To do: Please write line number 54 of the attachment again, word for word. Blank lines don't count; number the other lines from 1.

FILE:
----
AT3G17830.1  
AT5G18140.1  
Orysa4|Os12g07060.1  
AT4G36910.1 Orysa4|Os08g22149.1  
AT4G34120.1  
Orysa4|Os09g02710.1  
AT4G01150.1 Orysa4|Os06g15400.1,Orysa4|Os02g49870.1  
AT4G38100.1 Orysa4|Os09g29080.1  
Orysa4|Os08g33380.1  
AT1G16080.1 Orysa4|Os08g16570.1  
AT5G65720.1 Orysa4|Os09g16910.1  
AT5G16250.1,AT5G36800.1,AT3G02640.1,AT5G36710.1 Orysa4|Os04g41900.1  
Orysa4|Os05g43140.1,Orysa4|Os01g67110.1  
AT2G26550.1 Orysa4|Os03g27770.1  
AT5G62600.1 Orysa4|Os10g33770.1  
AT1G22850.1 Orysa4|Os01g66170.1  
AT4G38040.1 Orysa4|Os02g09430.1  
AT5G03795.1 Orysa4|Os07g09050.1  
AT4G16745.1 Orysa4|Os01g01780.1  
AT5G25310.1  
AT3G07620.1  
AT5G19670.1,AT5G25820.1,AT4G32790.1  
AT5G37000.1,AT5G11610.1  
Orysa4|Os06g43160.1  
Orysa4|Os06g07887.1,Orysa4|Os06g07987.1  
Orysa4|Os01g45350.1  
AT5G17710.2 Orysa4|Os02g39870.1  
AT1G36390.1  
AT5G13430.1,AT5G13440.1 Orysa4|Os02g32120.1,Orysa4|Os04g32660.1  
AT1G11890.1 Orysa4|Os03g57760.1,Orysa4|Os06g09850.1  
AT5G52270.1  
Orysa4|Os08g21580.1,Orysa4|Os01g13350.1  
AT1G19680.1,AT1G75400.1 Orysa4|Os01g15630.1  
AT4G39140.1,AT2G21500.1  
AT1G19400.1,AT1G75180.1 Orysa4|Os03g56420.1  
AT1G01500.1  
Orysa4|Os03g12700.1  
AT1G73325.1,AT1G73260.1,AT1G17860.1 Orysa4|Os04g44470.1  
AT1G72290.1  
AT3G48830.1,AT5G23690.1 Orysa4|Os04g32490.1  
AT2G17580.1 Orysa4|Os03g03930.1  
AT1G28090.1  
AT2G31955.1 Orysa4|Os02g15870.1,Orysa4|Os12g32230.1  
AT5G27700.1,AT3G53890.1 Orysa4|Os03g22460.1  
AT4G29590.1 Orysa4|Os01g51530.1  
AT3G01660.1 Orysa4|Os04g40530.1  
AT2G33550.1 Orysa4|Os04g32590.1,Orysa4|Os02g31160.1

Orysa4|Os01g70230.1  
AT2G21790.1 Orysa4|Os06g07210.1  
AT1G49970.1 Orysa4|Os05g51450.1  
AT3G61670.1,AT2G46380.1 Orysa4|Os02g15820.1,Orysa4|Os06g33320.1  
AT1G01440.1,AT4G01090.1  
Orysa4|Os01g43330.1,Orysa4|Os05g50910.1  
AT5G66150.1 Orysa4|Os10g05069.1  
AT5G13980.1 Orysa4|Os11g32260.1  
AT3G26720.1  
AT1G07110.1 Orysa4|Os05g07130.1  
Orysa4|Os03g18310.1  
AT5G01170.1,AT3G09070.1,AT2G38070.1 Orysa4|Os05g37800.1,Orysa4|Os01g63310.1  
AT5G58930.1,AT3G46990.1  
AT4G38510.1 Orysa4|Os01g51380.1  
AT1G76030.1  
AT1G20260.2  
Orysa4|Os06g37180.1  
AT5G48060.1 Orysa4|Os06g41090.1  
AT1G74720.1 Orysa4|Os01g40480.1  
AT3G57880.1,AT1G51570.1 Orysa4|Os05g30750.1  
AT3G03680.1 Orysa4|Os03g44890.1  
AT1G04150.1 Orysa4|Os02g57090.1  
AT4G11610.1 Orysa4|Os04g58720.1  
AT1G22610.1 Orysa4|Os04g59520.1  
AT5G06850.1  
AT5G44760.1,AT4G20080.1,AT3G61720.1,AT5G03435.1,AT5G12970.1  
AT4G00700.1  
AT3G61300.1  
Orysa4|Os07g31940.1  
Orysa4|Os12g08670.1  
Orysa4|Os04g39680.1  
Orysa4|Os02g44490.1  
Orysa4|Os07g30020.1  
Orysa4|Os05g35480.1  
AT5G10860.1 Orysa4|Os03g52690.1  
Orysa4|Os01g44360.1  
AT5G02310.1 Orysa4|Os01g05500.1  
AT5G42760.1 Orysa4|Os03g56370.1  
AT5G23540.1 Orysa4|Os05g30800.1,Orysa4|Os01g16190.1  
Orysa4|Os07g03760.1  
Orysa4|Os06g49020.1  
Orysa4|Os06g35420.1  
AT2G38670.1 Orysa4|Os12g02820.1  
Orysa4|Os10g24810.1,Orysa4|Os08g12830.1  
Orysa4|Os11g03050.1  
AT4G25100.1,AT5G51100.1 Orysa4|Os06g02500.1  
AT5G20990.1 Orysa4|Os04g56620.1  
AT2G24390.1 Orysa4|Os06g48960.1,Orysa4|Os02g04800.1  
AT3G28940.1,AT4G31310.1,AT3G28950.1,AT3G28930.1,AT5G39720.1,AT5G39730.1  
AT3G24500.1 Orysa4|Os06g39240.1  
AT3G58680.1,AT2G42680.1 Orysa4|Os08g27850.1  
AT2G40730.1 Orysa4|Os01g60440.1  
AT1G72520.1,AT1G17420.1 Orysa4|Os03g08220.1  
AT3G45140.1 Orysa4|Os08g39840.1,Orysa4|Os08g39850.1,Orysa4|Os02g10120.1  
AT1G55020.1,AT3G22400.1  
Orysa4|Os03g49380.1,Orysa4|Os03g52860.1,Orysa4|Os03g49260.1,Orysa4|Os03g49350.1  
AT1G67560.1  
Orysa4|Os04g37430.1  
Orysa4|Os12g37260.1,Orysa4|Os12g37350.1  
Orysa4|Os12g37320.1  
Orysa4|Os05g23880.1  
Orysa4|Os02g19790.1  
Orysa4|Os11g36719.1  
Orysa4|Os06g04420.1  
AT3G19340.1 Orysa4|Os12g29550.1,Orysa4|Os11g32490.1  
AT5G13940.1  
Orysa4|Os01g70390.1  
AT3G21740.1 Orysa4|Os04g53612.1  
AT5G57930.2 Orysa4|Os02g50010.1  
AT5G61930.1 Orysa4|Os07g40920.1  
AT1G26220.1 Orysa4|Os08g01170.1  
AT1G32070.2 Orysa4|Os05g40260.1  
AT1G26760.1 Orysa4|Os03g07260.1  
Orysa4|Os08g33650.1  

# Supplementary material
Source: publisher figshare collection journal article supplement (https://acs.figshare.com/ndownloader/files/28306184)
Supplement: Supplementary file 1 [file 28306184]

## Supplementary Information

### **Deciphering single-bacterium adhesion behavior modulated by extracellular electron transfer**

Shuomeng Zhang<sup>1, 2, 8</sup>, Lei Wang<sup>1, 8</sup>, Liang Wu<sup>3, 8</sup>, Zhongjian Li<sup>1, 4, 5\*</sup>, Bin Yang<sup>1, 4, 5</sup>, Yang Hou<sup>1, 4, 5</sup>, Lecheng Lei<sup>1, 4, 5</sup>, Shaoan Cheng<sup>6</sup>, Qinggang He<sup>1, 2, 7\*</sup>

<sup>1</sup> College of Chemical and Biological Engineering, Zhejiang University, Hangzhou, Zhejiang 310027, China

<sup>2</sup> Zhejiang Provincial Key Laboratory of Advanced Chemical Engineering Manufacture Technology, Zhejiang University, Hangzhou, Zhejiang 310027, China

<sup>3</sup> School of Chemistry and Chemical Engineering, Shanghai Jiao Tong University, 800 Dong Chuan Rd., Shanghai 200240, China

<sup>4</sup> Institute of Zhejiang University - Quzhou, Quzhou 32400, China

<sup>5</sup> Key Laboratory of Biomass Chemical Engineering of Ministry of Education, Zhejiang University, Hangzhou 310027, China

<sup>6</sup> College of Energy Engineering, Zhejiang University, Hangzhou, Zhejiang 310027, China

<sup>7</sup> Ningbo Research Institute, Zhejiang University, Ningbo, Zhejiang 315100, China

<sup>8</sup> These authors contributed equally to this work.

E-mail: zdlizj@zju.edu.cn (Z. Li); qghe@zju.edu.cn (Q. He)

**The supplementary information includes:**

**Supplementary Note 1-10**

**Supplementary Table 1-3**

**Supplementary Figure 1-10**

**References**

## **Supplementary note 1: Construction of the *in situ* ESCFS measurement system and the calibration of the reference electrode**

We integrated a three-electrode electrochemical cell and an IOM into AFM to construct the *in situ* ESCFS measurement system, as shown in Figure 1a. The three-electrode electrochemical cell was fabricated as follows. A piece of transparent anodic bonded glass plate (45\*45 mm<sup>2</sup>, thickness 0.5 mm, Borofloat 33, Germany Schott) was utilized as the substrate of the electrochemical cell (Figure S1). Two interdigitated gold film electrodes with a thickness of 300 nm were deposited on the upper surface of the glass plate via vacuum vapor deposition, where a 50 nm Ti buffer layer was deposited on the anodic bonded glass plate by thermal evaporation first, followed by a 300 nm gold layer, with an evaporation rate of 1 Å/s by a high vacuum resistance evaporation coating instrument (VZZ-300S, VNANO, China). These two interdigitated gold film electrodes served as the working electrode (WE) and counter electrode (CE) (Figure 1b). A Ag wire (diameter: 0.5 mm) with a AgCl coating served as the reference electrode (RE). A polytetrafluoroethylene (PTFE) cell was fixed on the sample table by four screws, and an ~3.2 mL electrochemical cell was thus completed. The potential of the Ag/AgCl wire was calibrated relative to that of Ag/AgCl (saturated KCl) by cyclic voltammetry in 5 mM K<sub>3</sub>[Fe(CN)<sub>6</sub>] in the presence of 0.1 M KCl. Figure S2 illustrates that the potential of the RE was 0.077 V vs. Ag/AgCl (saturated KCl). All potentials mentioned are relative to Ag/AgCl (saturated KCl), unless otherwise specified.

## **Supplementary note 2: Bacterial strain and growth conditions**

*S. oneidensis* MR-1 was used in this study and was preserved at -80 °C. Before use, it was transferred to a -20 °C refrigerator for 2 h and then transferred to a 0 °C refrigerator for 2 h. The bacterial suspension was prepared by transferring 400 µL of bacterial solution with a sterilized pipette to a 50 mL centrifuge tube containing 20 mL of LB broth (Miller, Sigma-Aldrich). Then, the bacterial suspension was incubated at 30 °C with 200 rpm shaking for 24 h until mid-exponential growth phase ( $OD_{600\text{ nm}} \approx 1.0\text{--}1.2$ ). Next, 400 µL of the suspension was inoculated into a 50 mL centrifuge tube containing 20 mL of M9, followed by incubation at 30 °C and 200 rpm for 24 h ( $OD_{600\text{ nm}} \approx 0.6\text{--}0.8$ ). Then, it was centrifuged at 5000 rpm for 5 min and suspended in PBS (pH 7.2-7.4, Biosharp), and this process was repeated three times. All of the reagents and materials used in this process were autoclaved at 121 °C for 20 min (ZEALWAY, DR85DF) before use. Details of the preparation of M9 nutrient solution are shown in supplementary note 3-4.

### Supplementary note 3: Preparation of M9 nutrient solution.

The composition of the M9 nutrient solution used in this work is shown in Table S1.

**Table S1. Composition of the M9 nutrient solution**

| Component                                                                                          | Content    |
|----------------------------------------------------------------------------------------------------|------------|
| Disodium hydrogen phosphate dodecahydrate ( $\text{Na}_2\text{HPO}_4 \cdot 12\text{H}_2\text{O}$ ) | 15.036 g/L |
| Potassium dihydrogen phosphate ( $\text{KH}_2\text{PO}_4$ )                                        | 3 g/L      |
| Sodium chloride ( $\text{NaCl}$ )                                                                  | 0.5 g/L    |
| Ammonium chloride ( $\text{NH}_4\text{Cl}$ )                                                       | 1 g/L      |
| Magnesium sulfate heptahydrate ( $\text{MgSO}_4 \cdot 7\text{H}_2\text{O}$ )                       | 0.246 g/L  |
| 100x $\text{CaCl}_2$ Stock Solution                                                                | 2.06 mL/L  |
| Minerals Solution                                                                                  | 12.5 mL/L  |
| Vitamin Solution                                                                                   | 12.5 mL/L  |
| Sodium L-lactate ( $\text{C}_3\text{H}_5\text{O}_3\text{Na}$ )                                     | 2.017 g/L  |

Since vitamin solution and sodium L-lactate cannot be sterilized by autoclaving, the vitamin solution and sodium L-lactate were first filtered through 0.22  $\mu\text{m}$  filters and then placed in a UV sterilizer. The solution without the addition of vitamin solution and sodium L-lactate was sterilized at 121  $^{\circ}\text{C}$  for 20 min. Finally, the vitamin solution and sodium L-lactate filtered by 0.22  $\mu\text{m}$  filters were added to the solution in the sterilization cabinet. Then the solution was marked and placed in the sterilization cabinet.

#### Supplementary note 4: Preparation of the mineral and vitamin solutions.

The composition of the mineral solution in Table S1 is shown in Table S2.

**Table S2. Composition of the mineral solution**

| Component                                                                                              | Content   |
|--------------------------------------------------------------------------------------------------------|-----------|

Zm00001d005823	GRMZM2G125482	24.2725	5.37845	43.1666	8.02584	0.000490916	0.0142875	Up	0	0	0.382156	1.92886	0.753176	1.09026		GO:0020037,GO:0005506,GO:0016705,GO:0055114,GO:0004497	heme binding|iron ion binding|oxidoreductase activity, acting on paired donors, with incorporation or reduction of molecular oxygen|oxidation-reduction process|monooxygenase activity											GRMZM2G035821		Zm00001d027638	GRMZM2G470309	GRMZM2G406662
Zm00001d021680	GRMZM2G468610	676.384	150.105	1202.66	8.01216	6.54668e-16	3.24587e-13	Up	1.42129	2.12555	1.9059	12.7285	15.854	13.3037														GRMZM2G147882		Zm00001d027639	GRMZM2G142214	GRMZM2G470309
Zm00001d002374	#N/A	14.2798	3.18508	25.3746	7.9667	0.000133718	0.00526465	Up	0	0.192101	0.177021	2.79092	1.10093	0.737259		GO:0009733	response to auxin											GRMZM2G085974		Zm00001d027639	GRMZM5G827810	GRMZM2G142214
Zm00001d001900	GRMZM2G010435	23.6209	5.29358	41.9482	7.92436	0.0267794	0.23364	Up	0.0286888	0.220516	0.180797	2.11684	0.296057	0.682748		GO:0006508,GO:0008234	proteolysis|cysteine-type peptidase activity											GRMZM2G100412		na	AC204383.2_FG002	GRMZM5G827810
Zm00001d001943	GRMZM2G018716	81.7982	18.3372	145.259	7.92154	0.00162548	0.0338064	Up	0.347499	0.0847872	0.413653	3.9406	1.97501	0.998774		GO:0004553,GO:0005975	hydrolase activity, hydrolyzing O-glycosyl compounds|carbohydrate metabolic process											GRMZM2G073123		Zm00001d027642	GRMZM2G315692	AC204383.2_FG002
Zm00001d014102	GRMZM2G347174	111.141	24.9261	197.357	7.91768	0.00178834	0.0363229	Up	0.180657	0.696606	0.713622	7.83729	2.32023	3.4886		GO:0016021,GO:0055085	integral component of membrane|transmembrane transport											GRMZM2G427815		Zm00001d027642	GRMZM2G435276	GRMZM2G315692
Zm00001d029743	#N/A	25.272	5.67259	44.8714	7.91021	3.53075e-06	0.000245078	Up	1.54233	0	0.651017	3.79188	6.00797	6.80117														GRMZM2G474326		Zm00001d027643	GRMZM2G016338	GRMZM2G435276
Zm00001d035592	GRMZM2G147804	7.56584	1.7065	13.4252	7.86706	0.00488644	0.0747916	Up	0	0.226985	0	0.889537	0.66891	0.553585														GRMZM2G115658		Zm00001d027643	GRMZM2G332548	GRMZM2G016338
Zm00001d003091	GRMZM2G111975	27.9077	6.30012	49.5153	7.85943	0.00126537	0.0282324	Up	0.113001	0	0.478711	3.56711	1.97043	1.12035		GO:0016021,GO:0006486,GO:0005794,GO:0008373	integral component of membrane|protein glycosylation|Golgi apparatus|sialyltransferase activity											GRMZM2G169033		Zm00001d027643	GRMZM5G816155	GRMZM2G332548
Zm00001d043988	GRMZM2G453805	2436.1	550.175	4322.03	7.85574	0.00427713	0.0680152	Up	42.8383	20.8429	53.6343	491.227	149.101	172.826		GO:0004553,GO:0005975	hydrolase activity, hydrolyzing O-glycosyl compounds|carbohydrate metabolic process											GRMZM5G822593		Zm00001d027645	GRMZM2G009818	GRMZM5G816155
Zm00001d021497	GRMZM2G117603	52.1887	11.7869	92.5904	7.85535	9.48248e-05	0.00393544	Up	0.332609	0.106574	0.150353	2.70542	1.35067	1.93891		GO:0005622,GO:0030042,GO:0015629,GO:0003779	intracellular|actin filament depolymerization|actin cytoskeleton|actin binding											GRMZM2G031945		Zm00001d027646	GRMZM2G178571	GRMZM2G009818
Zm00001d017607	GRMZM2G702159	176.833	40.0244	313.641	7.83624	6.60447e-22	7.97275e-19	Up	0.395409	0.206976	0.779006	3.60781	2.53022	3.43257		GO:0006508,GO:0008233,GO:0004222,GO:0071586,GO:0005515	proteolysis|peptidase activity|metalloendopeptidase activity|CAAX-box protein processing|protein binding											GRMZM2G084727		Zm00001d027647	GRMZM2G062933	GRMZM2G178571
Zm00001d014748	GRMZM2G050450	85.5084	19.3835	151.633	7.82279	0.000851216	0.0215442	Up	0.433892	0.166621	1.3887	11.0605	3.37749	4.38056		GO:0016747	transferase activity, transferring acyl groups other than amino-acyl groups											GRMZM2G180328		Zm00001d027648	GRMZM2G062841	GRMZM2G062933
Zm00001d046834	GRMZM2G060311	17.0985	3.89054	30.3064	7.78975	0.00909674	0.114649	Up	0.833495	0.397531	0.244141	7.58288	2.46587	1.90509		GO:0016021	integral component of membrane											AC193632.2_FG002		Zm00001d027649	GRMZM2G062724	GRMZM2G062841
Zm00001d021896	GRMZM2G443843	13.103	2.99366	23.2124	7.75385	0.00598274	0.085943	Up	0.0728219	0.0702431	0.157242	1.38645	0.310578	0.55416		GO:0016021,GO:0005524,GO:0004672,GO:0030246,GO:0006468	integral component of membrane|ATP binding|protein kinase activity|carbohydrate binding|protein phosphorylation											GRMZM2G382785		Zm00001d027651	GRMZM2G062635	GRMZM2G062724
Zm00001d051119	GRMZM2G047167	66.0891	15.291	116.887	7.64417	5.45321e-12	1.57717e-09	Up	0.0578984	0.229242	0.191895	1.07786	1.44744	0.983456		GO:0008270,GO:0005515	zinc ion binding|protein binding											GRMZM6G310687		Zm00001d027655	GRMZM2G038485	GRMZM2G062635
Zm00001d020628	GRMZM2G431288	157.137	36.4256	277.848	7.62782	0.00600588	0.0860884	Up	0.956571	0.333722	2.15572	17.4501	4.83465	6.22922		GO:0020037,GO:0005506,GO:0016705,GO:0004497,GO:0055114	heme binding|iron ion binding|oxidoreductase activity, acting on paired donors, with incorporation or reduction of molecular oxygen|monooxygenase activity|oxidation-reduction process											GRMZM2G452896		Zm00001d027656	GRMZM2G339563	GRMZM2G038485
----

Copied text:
AT5G66150.1 Orysa4|Os10g05069.1  